The Turbulent Giant

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A British sailor signaling a merchant ship as it passes the naval control base in the Thames estuary, November 1939

Simon Winchester has often written of great events that have been largely forgotten, of remarkable human beings who have quietly changed the world, and of places the rest of us wish we had seen. He is an adventurous and indefatigable traveler as well as a brilliant explorer of arcane problems and archives.

His last book, The Man Who Loved China,1 was a masterly portrait of the life and times of Joseph Needham, a protean British academic and biochemist who wrote a twenty-six-volume encyclopedia, Science and Civilisation in China, which showed in great practical detail that China, far from being the backward country that Westerners liked to patronize, had actually preceded the Western world by centuries in a vast range of scientific discoveries, inventions, and ideas. Winchester’s present book, Atlantic, is a portrait of the ocean that has been the theater of a dramatic and essential part of human history.

To read Winchester is to share the excitement of his travels and adventures. In Atlantic we first find him in the far north sailing a small boat in “a lumpy and capricious sea” among the great black basalt slivers of the Faroe Islands. More than four hundred pages later we leave him on the deserted and treacherous shore of the Skeleton Coast in Namibia, where he has gone in search of the memorial to Angus Campbell Macintyre, the lost first mate of the tug Sir Charles Elliott, which, in 1942, on the way to assist the stranded British Motor Vessel Dunedin Star, was itself wrecked on a reef. (Winchester left a message on the memorial and has dedicated Atlantic to Macintyre’s memory.)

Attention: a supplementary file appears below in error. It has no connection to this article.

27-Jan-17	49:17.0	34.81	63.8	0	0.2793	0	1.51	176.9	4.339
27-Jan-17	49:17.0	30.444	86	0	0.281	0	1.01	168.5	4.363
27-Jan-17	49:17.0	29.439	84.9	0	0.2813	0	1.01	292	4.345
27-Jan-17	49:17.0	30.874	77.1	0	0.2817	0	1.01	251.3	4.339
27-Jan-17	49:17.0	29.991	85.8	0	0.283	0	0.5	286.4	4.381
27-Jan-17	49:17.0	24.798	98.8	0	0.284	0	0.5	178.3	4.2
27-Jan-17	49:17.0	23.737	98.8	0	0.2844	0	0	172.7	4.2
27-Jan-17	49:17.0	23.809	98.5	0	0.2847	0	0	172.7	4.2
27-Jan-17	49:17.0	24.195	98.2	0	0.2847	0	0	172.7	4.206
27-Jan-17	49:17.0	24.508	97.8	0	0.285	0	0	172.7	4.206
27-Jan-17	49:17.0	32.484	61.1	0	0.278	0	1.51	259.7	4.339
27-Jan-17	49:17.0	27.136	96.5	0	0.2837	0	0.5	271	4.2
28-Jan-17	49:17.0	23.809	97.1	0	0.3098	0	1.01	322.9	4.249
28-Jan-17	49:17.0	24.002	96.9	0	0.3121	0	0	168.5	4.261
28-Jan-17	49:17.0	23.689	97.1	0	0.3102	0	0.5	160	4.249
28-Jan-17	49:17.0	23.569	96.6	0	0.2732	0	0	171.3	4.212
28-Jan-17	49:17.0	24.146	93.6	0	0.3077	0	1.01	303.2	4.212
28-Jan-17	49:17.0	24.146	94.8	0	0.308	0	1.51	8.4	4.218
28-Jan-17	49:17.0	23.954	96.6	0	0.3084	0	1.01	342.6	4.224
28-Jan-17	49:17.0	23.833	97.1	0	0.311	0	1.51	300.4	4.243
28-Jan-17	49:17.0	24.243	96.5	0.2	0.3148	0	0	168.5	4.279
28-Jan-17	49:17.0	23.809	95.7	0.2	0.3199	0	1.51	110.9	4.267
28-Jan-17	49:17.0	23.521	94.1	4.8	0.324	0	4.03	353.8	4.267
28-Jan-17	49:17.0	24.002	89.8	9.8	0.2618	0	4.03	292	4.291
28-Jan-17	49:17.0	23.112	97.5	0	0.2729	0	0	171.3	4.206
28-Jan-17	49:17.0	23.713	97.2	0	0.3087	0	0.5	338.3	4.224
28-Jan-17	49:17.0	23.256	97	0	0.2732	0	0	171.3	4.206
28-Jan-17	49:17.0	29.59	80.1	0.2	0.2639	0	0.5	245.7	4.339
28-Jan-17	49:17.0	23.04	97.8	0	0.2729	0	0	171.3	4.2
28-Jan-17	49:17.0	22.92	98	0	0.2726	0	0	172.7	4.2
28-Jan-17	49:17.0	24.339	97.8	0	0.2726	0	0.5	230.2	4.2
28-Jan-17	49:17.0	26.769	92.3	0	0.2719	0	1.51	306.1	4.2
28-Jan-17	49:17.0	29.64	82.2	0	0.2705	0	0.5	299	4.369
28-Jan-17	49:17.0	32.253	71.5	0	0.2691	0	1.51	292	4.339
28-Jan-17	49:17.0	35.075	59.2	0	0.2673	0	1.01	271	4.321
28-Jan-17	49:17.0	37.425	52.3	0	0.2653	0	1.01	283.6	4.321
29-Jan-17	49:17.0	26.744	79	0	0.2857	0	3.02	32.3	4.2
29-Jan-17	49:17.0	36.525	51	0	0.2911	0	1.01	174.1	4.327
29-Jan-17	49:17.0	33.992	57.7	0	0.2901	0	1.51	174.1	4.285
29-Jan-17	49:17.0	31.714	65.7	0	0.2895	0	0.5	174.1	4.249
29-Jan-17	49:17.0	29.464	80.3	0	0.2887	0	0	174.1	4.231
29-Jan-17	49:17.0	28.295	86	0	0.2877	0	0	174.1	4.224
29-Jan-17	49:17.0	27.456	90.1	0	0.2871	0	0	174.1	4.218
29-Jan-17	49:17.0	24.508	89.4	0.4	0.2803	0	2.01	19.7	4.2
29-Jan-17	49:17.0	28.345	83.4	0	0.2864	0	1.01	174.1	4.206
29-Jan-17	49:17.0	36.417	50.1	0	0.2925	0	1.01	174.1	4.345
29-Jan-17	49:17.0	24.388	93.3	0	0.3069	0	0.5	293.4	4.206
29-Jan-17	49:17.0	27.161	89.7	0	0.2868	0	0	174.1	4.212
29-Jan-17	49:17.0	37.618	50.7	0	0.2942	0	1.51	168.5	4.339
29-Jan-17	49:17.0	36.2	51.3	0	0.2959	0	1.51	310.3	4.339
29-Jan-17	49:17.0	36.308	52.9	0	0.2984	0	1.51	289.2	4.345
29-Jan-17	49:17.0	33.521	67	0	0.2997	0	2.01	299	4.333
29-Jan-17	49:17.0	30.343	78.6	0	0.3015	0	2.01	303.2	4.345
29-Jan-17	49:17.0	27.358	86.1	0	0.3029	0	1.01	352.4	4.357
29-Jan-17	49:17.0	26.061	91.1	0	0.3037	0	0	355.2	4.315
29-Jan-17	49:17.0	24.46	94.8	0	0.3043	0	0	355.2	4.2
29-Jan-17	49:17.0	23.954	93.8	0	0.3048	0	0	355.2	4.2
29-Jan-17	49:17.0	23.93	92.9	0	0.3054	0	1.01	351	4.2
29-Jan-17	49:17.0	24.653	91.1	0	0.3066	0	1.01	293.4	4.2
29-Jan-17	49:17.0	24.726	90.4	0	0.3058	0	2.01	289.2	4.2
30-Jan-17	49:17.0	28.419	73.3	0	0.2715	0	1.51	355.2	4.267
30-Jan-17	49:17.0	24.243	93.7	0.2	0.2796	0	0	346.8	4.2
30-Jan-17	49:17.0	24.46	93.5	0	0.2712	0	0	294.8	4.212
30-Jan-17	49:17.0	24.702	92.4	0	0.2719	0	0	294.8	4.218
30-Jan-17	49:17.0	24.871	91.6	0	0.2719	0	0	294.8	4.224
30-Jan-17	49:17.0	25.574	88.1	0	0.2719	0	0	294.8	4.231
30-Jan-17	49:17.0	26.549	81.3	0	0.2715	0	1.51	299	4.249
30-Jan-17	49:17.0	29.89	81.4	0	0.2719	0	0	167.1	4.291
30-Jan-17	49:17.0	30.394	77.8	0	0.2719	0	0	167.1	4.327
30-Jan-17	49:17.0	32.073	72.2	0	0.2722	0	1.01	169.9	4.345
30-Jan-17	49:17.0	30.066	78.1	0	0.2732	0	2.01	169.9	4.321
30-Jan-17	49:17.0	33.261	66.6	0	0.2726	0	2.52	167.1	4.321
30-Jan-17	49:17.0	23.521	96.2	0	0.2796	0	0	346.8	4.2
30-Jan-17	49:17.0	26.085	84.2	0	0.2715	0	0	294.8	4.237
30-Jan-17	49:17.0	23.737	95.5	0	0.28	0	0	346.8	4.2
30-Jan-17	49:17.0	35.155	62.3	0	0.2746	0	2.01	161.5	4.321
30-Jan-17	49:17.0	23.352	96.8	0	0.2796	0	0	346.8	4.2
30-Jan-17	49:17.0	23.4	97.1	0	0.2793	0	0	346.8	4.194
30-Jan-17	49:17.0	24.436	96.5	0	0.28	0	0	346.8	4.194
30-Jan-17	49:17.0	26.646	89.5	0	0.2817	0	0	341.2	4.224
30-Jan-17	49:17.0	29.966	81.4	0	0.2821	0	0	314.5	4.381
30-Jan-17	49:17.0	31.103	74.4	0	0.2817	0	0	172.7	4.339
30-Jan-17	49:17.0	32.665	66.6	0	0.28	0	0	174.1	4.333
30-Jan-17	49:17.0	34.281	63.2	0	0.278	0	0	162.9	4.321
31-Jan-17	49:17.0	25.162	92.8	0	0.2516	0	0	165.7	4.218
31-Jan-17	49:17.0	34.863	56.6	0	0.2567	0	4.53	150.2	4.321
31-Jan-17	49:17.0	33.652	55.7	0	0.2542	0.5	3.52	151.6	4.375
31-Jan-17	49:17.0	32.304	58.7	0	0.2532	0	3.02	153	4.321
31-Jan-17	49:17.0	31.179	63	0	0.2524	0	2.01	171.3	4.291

In between we have approached Cape Town at dawn on a Greek freighter, shared Winchester’s delight at his first view of Jamestown, the tiny eighteenth-century capital of St. Helena, and nearly got stuck for the winter on an inaccessible, prematurely ice-bound beach in Greenland. We have sympathized with his frustration at being jailed in Patagonia as a suspected spy during the Falklands War, been stopped while on a former Russian research ship in the South Atlantic by a British warship on fishery patrol (“by chance the captain of the navy ship was an old acquaintance of mine”), and gone through a score of other adventures. Winchester’s travels recall C.P. Cavafy’s wish in his poem “Ithaka”:

May there be many a summer morning when,
with what pleasure, what joy,
you come into harbors seen for the first time.

Winchester has chosen as a frame for his gigantic subject Shakespeare’s seven ages of man, but Atlantic is really on a different scale from that famous passage. It is about the relationship of human beings to the might and mystery of nature and the contrast between our puny efforts and ephemeral presence here on earth and the vast majesty of …

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  1. 1

    Harper, 2008; reviewed in these pages by Jonathan Spence, August 14, 2008.